New England Telephone and Telegraph Company

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The New England Telephone and Telegraph Company was a very early company set up to develop the then-new telephone.

New England Telephone and Telegraph lasted only a year as a separate entity, from 1878 to 1879, and had no direct relationship with the later company of the same name, which after the breakup of the Bell System in 1984 became part of the NYNEX Corporation, now part of Verizon.

History[edit]

The New England Telephone and Telegraph Company was formed February 12, 1878, by investors in the states of Massachusetts and Rhode Island at the behest of an agent of Gardiner Greene Hubbard, the father-in-law of telephone inventor Alexander Graham Bell.

New England Telephone and Telegraph merged with the Bell Telephone Company (which was started on the basis of holding "potentially valuable patents"), on February 17, 1879, to form the National Bell Telephone Company,[1] at which time Theodore Vail took over its operations. The National Bell Telephone Company merged with others on March 20, 1880 to form the American Bell Telephone Company.[2]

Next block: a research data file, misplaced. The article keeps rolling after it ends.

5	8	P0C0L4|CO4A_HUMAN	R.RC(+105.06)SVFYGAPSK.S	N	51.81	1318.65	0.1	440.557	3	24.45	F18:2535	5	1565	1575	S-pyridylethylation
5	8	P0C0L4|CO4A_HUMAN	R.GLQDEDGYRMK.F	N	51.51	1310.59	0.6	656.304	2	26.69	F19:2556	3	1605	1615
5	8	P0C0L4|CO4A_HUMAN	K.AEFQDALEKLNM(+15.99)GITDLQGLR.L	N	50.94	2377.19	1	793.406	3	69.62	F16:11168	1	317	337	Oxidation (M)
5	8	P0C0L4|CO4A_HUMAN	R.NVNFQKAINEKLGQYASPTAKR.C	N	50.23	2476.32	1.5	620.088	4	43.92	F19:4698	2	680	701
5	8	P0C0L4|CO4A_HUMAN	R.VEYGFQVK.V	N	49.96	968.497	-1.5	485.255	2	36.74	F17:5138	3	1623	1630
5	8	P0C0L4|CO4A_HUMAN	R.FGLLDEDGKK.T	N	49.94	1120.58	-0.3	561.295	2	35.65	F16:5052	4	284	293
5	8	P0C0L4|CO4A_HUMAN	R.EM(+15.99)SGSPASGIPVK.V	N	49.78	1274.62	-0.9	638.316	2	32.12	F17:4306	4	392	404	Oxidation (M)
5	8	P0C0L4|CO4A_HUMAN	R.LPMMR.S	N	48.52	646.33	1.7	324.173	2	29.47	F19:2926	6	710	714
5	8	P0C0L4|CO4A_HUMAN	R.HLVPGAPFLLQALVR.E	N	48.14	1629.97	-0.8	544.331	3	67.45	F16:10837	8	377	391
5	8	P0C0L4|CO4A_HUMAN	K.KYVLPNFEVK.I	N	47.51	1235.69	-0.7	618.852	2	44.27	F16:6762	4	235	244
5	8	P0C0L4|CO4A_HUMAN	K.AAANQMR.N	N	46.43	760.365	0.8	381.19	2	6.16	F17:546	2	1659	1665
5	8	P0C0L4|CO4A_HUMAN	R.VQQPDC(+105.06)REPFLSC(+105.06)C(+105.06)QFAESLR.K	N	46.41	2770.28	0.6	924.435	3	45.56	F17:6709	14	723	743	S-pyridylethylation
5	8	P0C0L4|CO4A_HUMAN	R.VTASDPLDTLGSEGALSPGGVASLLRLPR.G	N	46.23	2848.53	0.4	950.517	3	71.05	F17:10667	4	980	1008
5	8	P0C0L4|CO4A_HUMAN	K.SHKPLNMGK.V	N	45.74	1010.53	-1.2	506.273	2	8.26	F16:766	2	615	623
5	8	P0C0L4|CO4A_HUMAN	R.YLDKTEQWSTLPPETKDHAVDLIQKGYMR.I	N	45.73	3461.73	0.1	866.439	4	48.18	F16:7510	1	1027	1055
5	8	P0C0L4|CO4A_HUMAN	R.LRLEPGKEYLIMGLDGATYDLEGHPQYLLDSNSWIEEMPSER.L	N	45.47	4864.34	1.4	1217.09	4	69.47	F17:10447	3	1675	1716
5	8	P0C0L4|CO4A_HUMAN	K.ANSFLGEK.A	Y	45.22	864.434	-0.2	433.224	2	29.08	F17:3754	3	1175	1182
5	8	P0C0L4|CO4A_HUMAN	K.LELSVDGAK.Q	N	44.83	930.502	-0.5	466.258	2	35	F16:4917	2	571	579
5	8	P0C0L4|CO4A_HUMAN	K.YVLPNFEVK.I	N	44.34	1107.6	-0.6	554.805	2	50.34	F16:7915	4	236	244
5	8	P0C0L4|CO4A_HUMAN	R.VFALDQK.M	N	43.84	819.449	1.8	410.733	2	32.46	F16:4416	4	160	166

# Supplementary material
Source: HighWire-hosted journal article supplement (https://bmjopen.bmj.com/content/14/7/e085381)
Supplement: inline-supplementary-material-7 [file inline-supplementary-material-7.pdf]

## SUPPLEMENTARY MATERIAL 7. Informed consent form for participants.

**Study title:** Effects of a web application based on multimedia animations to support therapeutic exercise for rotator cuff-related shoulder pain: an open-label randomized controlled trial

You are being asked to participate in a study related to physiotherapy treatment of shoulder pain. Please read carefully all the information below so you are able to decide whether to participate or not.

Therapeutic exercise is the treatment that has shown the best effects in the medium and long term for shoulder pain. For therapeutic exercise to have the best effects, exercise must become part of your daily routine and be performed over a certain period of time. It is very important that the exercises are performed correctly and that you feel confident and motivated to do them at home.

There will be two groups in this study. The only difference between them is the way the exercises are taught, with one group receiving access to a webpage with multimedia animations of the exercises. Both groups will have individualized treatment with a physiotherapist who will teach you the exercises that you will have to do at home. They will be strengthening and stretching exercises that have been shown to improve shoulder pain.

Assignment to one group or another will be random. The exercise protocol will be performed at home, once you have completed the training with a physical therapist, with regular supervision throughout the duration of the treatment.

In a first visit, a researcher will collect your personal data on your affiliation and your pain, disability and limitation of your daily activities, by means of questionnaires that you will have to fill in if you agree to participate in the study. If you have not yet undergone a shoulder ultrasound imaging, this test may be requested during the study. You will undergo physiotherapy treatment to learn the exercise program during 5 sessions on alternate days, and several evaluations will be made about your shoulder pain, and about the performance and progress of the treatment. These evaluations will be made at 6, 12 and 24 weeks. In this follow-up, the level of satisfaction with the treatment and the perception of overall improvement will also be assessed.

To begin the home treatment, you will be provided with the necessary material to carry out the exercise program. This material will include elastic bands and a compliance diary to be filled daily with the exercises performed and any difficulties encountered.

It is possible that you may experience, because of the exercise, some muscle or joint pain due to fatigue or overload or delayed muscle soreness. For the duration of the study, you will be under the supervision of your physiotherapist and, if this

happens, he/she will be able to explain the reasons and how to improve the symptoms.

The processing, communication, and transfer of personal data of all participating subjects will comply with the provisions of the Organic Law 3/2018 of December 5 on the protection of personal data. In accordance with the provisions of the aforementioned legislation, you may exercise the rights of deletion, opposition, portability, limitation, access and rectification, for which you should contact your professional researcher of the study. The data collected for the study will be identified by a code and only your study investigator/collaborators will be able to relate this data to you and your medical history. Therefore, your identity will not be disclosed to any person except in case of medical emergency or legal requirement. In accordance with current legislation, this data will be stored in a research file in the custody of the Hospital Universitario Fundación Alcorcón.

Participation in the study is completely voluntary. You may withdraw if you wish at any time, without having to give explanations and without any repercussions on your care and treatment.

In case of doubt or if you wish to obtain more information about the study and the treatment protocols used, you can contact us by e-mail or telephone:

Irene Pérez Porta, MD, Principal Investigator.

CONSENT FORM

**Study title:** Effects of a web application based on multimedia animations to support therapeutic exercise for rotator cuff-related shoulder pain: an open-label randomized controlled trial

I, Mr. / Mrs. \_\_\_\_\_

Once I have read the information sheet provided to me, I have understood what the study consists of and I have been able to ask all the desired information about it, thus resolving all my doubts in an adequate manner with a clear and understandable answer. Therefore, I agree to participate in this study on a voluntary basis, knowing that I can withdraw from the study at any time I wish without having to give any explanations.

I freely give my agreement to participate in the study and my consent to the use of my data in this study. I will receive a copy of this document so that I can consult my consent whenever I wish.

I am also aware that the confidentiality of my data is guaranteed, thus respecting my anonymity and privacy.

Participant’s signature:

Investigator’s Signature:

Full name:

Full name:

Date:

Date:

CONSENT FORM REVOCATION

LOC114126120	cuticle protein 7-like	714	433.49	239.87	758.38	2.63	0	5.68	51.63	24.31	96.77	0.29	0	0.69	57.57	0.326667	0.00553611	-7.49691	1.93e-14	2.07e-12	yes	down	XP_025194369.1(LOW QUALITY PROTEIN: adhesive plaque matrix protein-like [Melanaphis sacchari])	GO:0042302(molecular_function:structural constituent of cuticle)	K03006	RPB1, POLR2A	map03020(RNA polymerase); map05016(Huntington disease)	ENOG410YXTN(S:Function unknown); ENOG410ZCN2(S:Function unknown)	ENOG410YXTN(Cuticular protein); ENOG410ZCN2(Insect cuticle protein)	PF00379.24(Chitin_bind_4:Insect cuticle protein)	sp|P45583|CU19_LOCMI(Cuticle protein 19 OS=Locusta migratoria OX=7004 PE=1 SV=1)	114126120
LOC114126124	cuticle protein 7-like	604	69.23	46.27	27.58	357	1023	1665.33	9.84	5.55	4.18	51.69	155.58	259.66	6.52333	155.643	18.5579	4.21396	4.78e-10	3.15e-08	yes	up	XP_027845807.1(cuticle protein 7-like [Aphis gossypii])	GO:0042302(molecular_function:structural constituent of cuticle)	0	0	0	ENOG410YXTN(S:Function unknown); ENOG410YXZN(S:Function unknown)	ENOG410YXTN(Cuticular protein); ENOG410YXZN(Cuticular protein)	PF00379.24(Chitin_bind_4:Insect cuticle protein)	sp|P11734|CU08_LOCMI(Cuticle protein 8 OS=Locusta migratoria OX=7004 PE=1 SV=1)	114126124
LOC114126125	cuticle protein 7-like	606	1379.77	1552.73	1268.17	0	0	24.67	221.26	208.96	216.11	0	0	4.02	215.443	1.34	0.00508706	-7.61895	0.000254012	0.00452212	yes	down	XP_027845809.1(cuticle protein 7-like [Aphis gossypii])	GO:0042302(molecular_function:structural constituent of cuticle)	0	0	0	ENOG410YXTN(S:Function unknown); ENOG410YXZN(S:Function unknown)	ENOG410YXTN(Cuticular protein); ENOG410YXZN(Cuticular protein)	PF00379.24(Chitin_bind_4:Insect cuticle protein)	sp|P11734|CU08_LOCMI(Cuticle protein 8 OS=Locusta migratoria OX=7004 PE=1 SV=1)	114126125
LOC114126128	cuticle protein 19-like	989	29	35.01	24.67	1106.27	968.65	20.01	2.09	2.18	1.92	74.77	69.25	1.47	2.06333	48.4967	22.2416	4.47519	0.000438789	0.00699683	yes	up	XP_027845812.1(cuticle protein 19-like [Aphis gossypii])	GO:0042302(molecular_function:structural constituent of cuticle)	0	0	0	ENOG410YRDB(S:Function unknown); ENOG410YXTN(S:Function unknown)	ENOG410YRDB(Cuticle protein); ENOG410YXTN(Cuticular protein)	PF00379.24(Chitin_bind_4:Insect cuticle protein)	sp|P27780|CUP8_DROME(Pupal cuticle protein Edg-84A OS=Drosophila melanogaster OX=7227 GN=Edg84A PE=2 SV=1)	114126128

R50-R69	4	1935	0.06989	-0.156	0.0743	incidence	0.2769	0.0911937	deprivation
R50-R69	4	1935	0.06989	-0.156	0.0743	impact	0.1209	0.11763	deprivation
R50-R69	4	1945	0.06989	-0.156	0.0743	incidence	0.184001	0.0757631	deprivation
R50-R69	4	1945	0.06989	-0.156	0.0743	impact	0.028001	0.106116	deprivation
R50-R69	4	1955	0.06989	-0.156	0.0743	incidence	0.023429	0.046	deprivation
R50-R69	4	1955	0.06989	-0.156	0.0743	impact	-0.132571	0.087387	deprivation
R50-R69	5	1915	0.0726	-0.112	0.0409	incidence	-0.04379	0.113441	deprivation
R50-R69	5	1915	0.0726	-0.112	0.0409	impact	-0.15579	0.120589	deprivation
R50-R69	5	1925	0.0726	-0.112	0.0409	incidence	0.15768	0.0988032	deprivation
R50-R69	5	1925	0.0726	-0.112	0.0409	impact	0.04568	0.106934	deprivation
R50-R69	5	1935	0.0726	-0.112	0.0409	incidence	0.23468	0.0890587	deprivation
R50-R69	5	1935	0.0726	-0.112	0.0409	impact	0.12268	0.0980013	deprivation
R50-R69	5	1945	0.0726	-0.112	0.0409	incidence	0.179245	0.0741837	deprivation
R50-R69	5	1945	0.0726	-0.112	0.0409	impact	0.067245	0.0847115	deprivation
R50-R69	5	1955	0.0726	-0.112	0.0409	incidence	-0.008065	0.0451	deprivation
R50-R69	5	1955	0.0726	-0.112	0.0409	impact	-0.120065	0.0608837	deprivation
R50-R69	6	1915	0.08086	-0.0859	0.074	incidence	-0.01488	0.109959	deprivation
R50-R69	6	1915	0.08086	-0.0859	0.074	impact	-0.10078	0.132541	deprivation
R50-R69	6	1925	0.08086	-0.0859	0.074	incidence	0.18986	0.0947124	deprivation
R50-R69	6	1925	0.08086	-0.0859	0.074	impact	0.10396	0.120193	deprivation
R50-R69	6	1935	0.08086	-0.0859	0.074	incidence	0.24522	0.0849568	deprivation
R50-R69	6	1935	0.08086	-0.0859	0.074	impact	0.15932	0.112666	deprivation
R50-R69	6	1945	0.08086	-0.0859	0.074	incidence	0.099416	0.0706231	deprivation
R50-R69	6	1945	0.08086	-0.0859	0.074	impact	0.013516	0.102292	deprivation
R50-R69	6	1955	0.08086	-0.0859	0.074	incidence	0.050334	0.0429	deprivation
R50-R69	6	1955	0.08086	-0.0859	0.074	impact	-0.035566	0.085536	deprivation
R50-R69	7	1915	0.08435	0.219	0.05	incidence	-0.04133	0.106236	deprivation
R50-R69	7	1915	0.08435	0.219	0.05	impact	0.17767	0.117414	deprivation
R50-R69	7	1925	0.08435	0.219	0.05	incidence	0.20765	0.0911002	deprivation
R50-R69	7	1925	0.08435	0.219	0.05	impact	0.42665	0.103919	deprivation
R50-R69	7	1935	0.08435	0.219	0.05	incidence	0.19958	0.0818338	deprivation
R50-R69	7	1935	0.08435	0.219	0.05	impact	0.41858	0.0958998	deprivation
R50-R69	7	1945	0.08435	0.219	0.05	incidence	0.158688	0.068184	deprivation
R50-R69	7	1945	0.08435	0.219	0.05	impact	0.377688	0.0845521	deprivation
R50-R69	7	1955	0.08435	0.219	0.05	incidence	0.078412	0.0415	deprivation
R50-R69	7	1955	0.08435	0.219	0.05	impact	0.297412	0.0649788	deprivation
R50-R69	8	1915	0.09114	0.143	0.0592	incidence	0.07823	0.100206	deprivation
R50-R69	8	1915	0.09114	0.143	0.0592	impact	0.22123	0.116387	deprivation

Later acquisition of American Bell by AT&T[edit]

The American Bell Telephone Company was later purchased by its own subsidiary, American Telephone & Telegraph (AT&T) on December 30, 1899. Thus share ownership of New England Telephone and Telegraph evolved into ownership of AT&T. AT&T would later undergo mergers with SBC Communications and BellSouth to become The New AT&T.

See also[edit]

References[edit]

Notes
  1. ^ Pizer 2009, pgs.119, 125
  2. ^ Pizer 2009, pg.125
Bibliography

Further reading[edit]